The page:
Vardenyats Pass is a high mountain pass at an elevation of 2.410m (7,906ft) above the sea level, located in the Vayots Dzor Province of Armenia. The pass was known as the Selim Mountain Pass or Sulemayi Lernants’k’. The pass climbs through the Vardenis Mountains and provides access to Lake Sevan.
The road over the pass is asphalted. It’s called M10. The road encompasses miles of stunning views through twisty hair pin corners, high elevations and steep grades. The pass was formerly known as Selim Mountain Pass, but the name was changed recently. According to the governor of Vayots Dzor province, Edgar Ghazarian the name changed because ‘Selim’ name is often used in the press, electronic mass media, tourist guides and reference books when the matter concerns a mountain pass, a caravanserai, etc. After consulting with historians, it became clear that Selim is the name of a person, rather than a place. This foreign barbarian was only famous for his evil deeds and destruction he caused.Our picturesque sites and historic monuments should not be linked to his name. I want to inform everyone that changes were officially made in the place names, with Selim mountain pass renamed Vardenyats mountain pass and the Selim caravanserai renamed Orbelian’s caravanserai”. The road is dangerous because the extreme weather: blizzard, strong winds, fog, low visibility, black ice on some road sections and danger of avalanche are common.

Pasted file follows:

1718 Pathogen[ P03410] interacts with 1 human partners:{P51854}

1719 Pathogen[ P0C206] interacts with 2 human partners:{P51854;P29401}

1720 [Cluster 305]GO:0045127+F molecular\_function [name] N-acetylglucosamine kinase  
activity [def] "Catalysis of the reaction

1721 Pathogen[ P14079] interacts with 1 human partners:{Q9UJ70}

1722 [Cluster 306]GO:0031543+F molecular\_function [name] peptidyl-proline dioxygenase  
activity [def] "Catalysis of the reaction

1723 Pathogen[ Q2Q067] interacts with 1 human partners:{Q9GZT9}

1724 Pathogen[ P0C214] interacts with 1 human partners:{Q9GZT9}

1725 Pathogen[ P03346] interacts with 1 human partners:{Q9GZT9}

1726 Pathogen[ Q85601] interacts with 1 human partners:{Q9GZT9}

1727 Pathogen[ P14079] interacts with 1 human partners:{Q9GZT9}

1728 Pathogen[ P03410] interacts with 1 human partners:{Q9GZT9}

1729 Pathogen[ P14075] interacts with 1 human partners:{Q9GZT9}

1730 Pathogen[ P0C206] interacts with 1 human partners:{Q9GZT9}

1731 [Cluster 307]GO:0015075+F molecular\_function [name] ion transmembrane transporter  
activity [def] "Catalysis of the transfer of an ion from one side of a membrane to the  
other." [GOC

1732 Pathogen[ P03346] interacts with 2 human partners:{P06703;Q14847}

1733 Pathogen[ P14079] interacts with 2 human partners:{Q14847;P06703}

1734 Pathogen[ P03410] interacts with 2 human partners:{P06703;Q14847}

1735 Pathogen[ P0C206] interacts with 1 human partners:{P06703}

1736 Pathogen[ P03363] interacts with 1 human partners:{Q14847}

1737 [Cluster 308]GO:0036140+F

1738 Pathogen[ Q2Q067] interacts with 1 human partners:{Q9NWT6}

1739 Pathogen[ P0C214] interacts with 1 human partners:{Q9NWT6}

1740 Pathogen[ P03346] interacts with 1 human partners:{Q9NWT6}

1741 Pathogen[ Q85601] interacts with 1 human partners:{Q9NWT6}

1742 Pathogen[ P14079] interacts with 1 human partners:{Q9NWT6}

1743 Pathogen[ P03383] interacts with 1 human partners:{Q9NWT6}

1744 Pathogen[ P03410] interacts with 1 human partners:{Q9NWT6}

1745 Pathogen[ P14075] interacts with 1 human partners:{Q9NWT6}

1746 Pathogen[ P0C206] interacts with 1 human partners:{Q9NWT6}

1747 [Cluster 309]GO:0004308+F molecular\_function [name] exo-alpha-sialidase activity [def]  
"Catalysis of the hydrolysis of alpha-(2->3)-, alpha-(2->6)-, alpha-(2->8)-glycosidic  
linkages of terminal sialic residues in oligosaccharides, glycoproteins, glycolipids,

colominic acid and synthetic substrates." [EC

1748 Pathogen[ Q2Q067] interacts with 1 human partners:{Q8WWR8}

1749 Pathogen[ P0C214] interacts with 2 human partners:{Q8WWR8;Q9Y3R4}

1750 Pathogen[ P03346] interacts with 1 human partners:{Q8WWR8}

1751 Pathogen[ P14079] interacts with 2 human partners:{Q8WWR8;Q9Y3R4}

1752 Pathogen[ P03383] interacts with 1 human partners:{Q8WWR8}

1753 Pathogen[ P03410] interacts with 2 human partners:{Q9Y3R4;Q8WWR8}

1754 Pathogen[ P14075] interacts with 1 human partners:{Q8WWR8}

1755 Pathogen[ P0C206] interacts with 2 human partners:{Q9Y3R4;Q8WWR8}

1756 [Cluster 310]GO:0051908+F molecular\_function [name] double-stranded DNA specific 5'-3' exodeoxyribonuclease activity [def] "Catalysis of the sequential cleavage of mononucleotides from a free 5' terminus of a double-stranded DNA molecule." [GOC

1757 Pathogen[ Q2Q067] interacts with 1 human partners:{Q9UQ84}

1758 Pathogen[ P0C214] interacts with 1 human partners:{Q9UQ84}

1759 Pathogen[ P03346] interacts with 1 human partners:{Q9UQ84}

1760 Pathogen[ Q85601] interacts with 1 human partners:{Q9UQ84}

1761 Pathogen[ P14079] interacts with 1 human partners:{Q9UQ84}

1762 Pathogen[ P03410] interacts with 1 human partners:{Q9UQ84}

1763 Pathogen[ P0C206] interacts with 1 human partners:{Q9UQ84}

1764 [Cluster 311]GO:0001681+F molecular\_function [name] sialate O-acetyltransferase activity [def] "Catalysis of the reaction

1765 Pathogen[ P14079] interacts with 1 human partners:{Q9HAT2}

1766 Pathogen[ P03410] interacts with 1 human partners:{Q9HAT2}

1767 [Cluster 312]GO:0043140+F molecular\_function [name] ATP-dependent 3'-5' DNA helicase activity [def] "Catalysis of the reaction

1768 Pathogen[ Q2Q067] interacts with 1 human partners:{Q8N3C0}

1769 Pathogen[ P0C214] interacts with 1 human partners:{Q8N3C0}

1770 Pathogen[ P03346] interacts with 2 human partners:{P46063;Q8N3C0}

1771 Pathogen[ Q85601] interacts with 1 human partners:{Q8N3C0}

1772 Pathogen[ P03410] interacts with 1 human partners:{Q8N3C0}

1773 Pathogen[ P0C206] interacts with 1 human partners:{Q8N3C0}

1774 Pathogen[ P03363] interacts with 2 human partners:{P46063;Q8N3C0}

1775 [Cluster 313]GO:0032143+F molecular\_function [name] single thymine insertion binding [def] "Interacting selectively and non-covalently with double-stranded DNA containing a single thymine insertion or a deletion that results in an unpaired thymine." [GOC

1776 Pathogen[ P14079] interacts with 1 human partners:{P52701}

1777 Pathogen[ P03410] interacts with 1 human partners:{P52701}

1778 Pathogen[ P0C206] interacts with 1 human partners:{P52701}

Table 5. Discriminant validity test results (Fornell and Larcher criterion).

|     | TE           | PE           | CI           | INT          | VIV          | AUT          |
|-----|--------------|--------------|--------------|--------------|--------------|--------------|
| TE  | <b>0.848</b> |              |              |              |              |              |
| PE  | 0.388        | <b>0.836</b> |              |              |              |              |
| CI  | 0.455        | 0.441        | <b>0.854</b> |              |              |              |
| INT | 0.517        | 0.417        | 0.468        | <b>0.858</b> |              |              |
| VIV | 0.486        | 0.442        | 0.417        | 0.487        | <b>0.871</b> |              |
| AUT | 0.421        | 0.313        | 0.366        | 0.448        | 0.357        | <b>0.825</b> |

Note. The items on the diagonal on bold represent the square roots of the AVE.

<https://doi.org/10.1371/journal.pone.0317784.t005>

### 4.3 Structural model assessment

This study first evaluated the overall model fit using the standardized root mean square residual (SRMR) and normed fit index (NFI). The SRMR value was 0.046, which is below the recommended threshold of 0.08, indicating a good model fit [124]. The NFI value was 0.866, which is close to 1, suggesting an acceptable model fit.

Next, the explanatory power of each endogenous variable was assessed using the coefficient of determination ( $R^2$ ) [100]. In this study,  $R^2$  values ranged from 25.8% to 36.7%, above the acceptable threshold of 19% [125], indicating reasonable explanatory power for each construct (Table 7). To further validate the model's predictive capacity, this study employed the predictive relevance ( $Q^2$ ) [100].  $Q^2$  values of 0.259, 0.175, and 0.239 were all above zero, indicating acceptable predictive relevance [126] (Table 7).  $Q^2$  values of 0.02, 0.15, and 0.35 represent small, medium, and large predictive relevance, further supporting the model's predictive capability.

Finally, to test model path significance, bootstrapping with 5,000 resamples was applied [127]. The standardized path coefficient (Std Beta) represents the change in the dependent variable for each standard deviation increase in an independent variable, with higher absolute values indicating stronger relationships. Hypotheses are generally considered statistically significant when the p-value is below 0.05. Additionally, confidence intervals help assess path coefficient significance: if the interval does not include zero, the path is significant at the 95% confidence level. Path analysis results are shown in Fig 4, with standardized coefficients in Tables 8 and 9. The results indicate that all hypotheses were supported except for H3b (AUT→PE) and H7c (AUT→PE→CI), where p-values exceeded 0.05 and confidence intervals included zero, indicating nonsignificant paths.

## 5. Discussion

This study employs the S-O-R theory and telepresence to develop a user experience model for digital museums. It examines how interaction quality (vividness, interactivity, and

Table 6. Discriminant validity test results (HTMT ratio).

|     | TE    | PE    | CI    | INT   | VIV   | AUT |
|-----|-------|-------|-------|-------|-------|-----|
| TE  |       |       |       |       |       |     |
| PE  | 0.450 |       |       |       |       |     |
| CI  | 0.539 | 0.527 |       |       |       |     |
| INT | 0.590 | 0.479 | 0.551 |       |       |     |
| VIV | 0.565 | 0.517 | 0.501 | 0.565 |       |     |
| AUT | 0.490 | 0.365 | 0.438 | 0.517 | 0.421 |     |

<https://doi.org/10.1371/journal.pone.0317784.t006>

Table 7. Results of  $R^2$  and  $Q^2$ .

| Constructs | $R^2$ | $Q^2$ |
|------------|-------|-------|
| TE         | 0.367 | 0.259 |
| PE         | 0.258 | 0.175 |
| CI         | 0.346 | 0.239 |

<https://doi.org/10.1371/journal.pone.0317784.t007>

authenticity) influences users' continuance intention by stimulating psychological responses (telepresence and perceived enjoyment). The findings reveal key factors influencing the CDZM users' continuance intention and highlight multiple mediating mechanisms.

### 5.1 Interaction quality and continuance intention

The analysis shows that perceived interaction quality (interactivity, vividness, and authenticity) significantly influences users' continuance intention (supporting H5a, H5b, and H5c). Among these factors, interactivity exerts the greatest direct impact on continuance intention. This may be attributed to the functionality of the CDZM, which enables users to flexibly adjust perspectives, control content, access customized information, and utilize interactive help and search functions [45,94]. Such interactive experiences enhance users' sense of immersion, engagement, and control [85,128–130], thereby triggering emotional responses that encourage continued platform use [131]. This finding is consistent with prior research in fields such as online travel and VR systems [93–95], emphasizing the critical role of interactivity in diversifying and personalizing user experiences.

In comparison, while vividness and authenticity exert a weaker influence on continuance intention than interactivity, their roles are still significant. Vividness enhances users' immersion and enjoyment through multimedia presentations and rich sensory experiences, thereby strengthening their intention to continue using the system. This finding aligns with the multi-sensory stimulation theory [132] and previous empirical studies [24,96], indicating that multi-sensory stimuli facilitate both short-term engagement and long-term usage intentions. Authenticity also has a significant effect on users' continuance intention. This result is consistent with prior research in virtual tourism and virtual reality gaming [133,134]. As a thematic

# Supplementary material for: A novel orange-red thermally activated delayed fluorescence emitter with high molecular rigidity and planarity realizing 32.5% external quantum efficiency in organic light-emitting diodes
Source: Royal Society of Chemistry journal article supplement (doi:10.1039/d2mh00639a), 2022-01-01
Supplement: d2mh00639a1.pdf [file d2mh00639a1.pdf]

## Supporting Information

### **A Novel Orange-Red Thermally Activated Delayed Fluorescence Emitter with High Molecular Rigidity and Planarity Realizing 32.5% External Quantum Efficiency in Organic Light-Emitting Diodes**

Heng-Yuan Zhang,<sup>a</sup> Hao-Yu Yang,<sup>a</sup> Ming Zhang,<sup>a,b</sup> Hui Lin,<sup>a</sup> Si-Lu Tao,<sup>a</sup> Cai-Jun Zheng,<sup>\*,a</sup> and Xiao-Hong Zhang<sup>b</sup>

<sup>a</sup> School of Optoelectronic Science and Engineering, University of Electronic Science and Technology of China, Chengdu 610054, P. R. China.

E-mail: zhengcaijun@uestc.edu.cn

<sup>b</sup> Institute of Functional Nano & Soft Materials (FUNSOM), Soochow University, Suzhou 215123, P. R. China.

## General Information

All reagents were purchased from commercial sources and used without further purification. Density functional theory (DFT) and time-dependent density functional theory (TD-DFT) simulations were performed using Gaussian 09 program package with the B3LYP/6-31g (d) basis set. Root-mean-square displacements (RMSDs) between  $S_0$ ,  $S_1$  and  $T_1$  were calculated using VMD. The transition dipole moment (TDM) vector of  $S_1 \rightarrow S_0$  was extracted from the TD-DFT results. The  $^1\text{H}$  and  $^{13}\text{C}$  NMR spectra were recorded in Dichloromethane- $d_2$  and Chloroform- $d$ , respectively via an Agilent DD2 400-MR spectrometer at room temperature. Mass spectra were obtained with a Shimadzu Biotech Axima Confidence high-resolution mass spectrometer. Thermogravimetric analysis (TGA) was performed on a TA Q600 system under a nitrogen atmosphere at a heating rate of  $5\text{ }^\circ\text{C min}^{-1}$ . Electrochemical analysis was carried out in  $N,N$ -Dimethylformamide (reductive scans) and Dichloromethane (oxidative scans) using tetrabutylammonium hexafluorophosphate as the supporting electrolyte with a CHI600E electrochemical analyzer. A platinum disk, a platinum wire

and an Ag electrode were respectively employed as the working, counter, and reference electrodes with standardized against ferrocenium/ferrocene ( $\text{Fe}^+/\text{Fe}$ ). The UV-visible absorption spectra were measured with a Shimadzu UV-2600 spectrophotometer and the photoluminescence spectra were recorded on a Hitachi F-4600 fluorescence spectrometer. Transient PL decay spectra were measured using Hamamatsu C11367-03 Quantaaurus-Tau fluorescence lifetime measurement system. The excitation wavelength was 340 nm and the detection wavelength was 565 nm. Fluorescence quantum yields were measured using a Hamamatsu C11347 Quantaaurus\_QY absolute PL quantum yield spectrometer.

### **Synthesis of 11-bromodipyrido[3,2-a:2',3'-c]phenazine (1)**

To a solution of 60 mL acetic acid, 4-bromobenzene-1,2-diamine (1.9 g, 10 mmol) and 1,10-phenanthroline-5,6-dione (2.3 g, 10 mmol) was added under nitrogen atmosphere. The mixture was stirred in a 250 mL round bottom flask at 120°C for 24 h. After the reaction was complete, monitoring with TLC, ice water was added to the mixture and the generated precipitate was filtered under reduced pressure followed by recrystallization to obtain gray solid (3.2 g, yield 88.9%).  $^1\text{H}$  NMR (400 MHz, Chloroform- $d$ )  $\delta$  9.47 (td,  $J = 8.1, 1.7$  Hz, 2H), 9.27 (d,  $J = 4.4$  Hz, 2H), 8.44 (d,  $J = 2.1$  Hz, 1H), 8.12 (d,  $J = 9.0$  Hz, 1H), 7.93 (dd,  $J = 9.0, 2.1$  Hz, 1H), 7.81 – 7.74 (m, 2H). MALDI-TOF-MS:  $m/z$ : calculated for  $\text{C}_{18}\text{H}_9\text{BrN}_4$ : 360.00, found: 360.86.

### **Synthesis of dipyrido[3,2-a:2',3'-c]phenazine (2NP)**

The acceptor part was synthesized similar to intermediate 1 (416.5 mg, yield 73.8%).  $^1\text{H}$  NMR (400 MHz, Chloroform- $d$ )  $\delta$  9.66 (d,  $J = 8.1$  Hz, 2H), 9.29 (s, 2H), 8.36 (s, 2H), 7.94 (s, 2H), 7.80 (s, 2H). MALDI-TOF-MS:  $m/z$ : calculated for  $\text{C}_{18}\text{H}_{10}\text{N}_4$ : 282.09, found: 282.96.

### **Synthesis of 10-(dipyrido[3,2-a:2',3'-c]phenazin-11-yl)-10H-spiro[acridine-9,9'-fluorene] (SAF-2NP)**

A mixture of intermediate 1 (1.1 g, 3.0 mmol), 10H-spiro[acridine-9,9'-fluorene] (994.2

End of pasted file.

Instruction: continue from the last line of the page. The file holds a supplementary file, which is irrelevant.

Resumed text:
The drive is definitely worth it. There are many excellent photo opportunities here. Don’t forget your camera! The winding mountain road and hairpin turns provide breathtaking views of the surrounding steep rocky hill sides and lead to the highland steppe just beyond the pass. Near the summit there’s an ancient Silk Road guest house called Selim Caravensarai. It was built in 1332 by Prince Chesar Orbelian, according to an inscription in Armenian and Arabic. This caravanserai offered hospitality to travelers along the highway crossing the Selim (Sulema) mountains. This is the best preserved caravanserai in Armenia and a great example of secular Armenian architecture during the Middle Ages.